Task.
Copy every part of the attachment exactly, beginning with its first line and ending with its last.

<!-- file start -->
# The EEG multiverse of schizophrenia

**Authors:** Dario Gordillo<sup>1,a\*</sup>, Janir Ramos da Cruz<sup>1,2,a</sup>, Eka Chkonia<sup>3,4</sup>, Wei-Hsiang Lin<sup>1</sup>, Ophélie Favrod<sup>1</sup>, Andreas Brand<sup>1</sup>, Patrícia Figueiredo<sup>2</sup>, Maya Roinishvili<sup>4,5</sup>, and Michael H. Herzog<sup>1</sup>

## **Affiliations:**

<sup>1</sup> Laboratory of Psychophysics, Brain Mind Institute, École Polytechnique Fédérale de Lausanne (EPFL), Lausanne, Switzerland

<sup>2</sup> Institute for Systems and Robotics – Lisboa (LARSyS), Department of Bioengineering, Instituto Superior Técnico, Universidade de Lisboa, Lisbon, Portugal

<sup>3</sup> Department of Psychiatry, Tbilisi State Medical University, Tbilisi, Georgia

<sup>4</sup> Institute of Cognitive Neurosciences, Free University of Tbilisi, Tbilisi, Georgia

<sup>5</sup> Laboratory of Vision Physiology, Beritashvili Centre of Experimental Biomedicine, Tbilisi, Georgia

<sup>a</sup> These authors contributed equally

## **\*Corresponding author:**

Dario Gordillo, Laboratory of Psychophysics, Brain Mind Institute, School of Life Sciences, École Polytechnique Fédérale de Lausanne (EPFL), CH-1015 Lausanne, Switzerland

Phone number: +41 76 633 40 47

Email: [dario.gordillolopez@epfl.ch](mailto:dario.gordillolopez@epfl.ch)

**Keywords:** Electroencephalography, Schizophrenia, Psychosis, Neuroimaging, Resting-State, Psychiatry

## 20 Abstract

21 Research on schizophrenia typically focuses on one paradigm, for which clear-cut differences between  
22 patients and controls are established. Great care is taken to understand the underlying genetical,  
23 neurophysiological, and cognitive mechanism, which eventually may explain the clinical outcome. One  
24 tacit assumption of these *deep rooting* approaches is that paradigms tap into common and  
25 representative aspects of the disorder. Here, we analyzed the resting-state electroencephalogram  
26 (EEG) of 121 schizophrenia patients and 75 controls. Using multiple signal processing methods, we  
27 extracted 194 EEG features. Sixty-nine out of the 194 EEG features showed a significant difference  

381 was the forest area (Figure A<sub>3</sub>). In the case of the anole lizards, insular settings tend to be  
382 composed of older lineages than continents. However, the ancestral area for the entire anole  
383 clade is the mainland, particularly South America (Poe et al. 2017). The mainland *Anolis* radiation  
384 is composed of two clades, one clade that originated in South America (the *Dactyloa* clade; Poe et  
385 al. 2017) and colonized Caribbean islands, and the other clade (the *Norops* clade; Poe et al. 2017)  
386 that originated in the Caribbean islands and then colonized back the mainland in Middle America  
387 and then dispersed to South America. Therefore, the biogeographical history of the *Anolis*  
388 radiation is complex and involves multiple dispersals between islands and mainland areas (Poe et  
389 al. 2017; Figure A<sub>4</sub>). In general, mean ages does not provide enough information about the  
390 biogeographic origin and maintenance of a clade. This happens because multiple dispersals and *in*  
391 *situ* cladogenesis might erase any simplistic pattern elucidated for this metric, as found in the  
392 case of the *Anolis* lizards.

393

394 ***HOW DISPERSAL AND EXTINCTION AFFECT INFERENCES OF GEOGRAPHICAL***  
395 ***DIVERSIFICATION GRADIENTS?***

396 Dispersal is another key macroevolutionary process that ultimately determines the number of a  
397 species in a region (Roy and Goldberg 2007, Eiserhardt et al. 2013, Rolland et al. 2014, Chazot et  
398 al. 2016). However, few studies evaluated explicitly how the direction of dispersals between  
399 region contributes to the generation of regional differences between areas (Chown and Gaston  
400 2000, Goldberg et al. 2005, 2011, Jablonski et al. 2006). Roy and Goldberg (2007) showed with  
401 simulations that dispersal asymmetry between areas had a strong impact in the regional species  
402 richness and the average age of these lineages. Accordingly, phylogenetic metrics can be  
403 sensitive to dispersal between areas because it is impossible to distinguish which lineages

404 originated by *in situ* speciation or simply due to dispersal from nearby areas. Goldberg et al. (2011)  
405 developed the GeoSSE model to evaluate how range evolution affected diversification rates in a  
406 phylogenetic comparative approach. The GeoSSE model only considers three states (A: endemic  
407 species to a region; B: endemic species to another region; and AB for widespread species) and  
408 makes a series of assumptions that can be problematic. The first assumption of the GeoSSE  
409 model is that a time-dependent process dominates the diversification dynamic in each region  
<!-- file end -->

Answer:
# The EEG multiverse of schizophrenia

**Authors:** Dario Gordillo<sup>1,a\*</sup>, Janir Ramos da Cruz<sup>1,2,a</sup>, Eka Chkonia<sup>3,4</sup>, Wei-Hsiang Lin<sup>1</sup>, Ophélie Favrod<sup>1</sup>, Andreas Brand<sup>1</sup>, Patrícia Figueiredo<sup>2</sup>, Maya Roinishvili<sup>4,5</sup>, and Michael H. Herzog<sup>1</sup>

## **Affiliations:**

<sup>1</sup> Laboratory of Psychophysics, Brain Mind Institute, École Polytechnique Fédérale de Lausanne (EPFL), Lausanne, Switzerland

<sup>2</sup> Institute for Systems and Robotics – Lisboa (LARSyS), Department of Bioengineering, Instituto Superior Técnico, Universidade de Lisboa, Lisbon, Portugal

<sup>3</sup> Department of Psychiatry, Tbilisi State Medical University, Tbilisi, Georgia

<sup>4</sup> Institute of Cognitive Neurosciences, Free University of Tbilisi, Tbilisi, Georgia

<sup>5</sup> Laboratory of Vision Physiology, Beritashvili Centre of Experimental Biomedicine, Tbilisi, Georgia

<sup>a</sup> These authors contributed equally

## **\*Corresponding author:**

Dario Gordillo, Laboratory of Psychophysics, Brain Mind Institute, School of Life Sciences, École Polytechnique Fédérale de Lausanne (EPFL), CH-1015 Lausanne, Switzerland

Phone number: +41 76 633 40 47

Email: [dario.gordillolopez@epfl.ch](mailto:dario.gordillolopez@epfl.ch)

**Keywords:** Electroencephalography, Schizophrenia, Psychosis, Neuroimaging, Resting-State, Psychiatry

## 20 Abstract

21 Research on schizophrenia typically focuses on one paradigm, for which clear-cut differences between  
22 patients and controls are established. Great care is taken to understand the underlying genetical,  
23 neurophysiological, and cognitive mechanism, which eventually may explain the clinical outcome. One  
24 tacit assumption of these *deep rooting* approaches is that paradigms tap into common and  
25 representative aspects of the disorder. Here, we analyzed the resting-state electroencephalogram  
26 (EEG) of 121 schizophrenia patients and 75 controls. Using multiple signal processing methods, we  
27 extracted 194 EEG features. Sixty-nine out of the 194 EEG features showed a significant difference  

381 was the forest area (Figure A<sub>3</sub>). In the case of the anole lizards, insular settings tend to be  
382 composed of older lineages than continents. However, the ancestral area for the entire anole  
383 clade is the mainland, particularly South America (Poe et al. 2017). The mainland *Anolis* radiation  
384 is composed of two clades, one clade that originated in South America (the *Dactyloa* clade; Poe et  
385 al. 2017) and colonized Caribbean islands, and the other clade (the *Norops* clade; Poe et al. 2017)  
386 that originated in the Caribbean islands and then colonized back the mainland in Middle America  
387 and then dispersed to South America. Therefore, the biogeographical history of the *Anolis*  
388 radiation is complex and involves multiple dispersals between islands and mainland areas (Poe et  
389 al. 2017; Figure A<sub>4</sub>). In general, mean ages does not provide enough information about the  
390 biogeographic origin and maintenance of a clade. This happens because multiple dispersals and *in*  
391 *situ* cladogenesis might erase any simplistic pattern elucidated for this metric, as found in the  
392 case of the *Anolis* lizards.

393

394 ***HOW DISPERSAL AND EXTINCTION AFFECT INFERENCES OF GEOGRAPHICAL***  
395 ***DIVERSIFICATION GRADIENTS?***

396 Dispersal is another key macroevolutionary process that ultimately determines the number of a  
397 species in a region (Roy and Goldberg 2007, Eiserhardt et al. 2013, Rolland et al. 2014, Chazot et  
398 al. 2016). However, few studies evaluated explicitly how the direction of dispersals between  
399 region contributes to the generation of regional differences between areas (Chown and Gaston  
400 2000, Goldberg et al. 2005, 2011, Jablonski et al. 2006). Roy and Goldberg (2007) showed with  
401 simulations that dispersal asymmetry between areas had a strong impact in the regional species  
402 richness and the average age of these lineages. Accordingly, phylogenetic metrics can be  
403 sensitive to dispersal between areas because it is impossible to distinguish which lineages

404 originated by *in situ* speciation or simply due to dispersal from nearby areas. Goldberg et al. (2011)  
405 developed the GeoSSE model to evaluate how range evolution affected diversification rates in a  
406 phylogenetic comparative approach. The GeoSSE model only considers three states (A: endemic  
407 species to a region; B: endemic species to another region; and AB for widespread species) and  
408 makes a series of assumptions that can be problematic. The first assumption of the GeoSSE  
409 model is that a time-dependent process dominates the diversification dynamic in each region  